“Remember, remember the fifth of November,
gunpowder, treason and plot.
I see no reason why gunpowder treason
should ever be forgot!”
From the “Guy Fawkes Party!” invitations on Facebook to the UPAC showing of V for Vendetta this Saturday, it’s clear that students will be taking this Saturday to remember Guy Fawkes and his Gunpowder Plot over 400 years ago. Since this historic date only really gained prominence in the United States after the release of V for Vendetta, an enormously popular dystopian thriller released as a movie in 2006 (and as a graphic novel in the 1980s). The premise of this movie was that the world was overcome by war and environmental crisis, and as a result, Europe tried to gain security by putting into power the authoritarian Norsefire party. The movie follows protagonist V as he works to start a revolution, relying heavily on metaphors from the Gunpowder Plot as he promises to blow up the iconic Parliament building. As V is horrifically burned and disfigured from his political imprisonment, he always dons a Guy Fawkes mask, accentuating his purpose as more of an idea than an individual. This mask was shortly thereafter picked up as an icon by Anonymous as a metaphor for civil disobedience and rebellion against oppression.
It’s clear that this movie and, to the large extent, the United States romanticizes Guy Fawkes as a patriot. This is a stark contrast to the perception of Fawkes in the United Kingdom, as celebrations on the 5th—Bonfire Night—often including burning effigies of Fawkes and other “hate-figures.” The strong culture surrounding the 5th often surpasses the history and the facts of the day.
The conflict was based on religious motivations—there was much strife between Catholics and Protestants in Europe, and England was no exception. The Gunpowder Plot was a failed assassination attempt against the Protestant King James I, led by Catholic Robert Catesby, as hopes for greater religious tolerance within the nation were sinking. The plan called for blowing up the House of Lords on the 5th of November, 1605, thus killing the King (and all others within the building) and placing the King’s nine-year-old daughter Princess Elizabeth on the throne as a Catholic ruler. The plan was foiled when William Parker, the 4th Baron Monteagle, received an anonymous letter on October 26; Guy Fawkes was captured when he was found guarding the gunpowder on the 4th, and upon torture and interrogation, he revealed the plan and other co-conspirators.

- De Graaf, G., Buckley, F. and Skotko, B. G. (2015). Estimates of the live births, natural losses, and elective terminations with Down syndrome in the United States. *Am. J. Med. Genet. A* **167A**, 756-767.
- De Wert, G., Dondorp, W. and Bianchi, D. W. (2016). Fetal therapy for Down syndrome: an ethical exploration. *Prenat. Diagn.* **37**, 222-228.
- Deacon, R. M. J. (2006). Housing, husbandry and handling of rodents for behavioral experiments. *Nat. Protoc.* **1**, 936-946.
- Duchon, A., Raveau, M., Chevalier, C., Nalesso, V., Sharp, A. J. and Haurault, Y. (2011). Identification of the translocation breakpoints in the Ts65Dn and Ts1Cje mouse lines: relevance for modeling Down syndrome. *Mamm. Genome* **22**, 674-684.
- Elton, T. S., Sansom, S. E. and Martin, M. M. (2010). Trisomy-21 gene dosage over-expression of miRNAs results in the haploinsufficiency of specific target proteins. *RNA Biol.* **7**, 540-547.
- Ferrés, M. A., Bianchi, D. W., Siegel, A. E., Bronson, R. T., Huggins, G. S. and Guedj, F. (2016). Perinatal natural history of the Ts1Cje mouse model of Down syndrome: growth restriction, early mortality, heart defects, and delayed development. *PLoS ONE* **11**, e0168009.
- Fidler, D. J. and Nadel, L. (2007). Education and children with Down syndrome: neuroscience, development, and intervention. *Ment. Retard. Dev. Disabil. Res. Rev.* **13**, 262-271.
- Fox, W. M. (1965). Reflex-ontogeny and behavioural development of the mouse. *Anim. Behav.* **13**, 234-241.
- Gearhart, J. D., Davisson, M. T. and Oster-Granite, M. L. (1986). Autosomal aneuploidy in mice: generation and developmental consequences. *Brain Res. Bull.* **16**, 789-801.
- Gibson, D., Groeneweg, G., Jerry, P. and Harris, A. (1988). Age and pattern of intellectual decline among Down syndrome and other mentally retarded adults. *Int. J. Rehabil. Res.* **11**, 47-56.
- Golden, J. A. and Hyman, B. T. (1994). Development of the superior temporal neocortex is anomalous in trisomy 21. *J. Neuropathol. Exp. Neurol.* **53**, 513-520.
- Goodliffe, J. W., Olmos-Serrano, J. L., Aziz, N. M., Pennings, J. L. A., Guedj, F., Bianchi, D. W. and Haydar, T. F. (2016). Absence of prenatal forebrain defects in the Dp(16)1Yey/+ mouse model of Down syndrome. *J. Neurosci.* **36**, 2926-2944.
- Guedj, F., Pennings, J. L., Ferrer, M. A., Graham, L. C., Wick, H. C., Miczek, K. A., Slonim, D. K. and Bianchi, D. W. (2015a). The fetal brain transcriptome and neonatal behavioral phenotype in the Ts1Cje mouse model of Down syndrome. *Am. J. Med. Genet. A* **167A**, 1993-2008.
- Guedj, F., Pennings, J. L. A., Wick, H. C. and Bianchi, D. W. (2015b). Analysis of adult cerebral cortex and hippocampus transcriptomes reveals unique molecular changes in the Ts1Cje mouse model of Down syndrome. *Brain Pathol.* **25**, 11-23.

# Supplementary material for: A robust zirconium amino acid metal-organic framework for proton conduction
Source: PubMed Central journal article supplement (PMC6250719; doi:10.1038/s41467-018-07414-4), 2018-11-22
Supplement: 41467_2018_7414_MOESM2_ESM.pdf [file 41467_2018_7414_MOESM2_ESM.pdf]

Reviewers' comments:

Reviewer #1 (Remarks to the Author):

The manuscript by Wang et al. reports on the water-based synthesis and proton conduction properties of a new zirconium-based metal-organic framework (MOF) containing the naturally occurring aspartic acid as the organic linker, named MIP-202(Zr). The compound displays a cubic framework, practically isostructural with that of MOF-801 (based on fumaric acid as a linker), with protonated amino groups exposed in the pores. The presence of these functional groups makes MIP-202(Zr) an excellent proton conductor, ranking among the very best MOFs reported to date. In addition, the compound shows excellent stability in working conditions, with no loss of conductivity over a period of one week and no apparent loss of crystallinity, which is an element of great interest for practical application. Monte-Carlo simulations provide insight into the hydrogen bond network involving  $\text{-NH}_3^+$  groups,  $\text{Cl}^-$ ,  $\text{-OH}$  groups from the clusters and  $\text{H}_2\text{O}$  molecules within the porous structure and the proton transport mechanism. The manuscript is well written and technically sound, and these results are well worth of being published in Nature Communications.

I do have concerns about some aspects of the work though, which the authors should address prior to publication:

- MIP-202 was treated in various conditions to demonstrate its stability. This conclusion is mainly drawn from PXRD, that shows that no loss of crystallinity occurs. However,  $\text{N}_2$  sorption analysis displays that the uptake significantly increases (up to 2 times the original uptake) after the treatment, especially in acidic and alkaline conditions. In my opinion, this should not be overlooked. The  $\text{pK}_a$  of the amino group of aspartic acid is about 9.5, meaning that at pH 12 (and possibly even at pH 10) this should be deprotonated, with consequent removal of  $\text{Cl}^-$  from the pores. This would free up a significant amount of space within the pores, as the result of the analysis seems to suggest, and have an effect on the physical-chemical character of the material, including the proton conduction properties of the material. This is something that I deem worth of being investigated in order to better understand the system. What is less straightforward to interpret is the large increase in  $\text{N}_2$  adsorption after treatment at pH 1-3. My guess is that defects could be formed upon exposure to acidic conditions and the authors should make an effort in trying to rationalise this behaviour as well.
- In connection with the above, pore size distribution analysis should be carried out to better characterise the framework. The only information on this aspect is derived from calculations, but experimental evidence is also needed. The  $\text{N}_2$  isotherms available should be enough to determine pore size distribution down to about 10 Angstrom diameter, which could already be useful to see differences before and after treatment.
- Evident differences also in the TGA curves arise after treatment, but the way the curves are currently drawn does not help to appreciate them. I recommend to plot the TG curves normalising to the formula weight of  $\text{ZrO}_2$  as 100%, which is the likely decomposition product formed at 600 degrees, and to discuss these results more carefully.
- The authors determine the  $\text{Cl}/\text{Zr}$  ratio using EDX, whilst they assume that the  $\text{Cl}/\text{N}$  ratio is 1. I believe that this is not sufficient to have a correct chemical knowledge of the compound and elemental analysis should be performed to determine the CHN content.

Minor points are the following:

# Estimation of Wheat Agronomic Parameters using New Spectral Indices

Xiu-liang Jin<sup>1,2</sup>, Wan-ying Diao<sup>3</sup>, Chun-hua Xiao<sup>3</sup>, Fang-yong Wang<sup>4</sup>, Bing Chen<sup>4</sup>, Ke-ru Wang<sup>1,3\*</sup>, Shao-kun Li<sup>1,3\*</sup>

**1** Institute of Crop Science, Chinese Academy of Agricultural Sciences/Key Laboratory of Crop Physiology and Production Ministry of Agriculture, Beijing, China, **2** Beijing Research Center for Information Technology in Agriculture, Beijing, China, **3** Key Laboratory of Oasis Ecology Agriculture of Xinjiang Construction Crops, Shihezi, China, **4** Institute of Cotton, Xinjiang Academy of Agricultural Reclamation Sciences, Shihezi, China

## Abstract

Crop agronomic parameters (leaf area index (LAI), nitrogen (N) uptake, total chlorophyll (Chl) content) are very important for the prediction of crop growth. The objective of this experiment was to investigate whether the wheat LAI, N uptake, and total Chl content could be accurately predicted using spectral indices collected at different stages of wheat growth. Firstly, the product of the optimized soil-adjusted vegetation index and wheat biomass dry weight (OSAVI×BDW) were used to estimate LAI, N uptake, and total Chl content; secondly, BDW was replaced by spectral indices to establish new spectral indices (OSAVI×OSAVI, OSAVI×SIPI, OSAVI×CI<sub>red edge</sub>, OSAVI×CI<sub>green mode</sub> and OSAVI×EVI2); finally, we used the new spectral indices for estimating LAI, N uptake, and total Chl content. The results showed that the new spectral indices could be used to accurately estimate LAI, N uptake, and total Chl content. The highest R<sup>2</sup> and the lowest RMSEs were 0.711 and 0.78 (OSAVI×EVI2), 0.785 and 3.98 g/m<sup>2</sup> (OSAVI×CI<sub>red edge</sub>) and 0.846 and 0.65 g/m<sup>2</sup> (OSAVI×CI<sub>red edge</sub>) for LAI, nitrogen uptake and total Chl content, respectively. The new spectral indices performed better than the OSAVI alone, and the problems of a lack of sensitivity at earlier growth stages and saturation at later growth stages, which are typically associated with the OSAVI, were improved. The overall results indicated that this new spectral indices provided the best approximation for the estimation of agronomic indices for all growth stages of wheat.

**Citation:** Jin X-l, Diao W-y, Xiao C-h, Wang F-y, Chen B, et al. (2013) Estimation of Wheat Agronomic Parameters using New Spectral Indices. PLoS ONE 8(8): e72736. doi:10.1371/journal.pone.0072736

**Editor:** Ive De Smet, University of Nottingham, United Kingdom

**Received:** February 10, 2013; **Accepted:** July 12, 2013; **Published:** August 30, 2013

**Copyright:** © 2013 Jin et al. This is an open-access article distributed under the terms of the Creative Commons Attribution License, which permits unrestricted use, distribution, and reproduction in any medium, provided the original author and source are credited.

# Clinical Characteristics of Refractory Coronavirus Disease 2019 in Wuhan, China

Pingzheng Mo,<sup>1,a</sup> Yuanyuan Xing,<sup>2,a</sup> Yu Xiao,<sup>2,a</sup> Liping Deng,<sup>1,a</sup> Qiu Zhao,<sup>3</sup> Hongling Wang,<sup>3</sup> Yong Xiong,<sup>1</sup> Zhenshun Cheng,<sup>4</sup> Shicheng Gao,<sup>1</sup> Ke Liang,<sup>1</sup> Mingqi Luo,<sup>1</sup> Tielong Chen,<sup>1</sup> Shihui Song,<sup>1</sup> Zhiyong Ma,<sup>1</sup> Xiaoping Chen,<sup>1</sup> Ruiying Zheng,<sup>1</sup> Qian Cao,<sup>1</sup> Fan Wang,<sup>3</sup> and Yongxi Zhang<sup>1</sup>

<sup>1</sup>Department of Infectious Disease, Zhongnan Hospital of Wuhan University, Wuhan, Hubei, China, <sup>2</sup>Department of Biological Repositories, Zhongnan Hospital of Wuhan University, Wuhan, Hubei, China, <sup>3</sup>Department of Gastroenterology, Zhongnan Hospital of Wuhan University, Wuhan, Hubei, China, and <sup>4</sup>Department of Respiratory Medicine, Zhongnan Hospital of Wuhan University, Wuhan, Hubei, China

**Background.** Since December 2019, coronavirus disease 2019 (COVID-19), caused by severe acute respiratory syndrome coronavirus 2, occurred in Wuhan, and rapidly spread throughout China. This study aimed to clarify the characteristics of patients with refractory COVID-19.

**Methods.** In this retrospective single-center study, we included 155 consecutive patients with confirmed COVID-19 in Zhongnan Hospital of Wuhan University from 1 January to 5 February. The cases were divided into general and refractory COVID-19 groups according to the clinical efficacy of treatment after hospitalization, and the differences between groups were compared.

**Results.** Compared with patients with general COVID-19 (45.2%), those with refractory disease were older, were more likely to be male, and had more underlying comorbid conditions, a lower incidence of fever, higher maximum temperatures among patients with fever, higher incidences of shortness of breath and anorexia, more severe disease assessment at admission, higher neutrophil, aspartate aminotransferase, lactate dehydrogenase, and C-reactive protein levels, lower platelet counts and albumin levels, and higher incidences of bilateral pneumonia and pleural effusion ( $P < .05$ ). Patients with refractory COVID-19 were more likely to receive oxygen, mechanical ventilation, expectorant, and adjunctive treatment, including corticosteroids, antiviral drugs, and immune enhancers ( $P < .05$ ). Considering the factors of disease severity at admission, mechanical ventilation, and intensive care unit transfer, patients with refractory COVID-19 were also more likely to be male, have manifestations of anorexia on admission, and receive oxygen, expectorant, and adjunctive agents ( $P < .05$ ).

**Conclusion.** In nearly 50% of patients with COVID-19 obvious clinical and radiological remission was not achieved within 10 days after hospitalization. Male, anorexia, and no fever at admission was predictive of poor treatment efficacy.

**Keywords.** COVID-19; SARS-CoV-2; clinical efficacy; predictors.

So, while I hope that you enjoy the day through movie screenings and parties, I think that it is valuable to know the history behind the day.
November 5th is a historic date here for another reason as well—it is the 187th anniversary of our dear Alma Mater. On November 5, 1824, this school’s founder Stephen Van Rensselaer (who also celebrated his birthday this Tuesday) wrote to Rev. Samual Blachford:
“I have established a school at the north end of Troy, in Rensselaer county, in the building usually called the Old Bank Place, for the purpose of instructing persons, who may choose to apply themselves, in the application of science to the common purposes of life,” thus founding Rensselaer and putting in place the principles that define us still today.
In respect for this anniversary, when you’re not watching V for Vendetta with your Guy Fawkes masks, I encourage you to reflect on this principle, “the application of science to the common purposes of life,” that is the cornerstone of our founding. The skills and knowledge that we gain in every classroom is taught for this principle—not to pass the time, not for school image, but to turn freshmen into strong Rensselaer alumni that will use their knowledge as a tool to shape the world.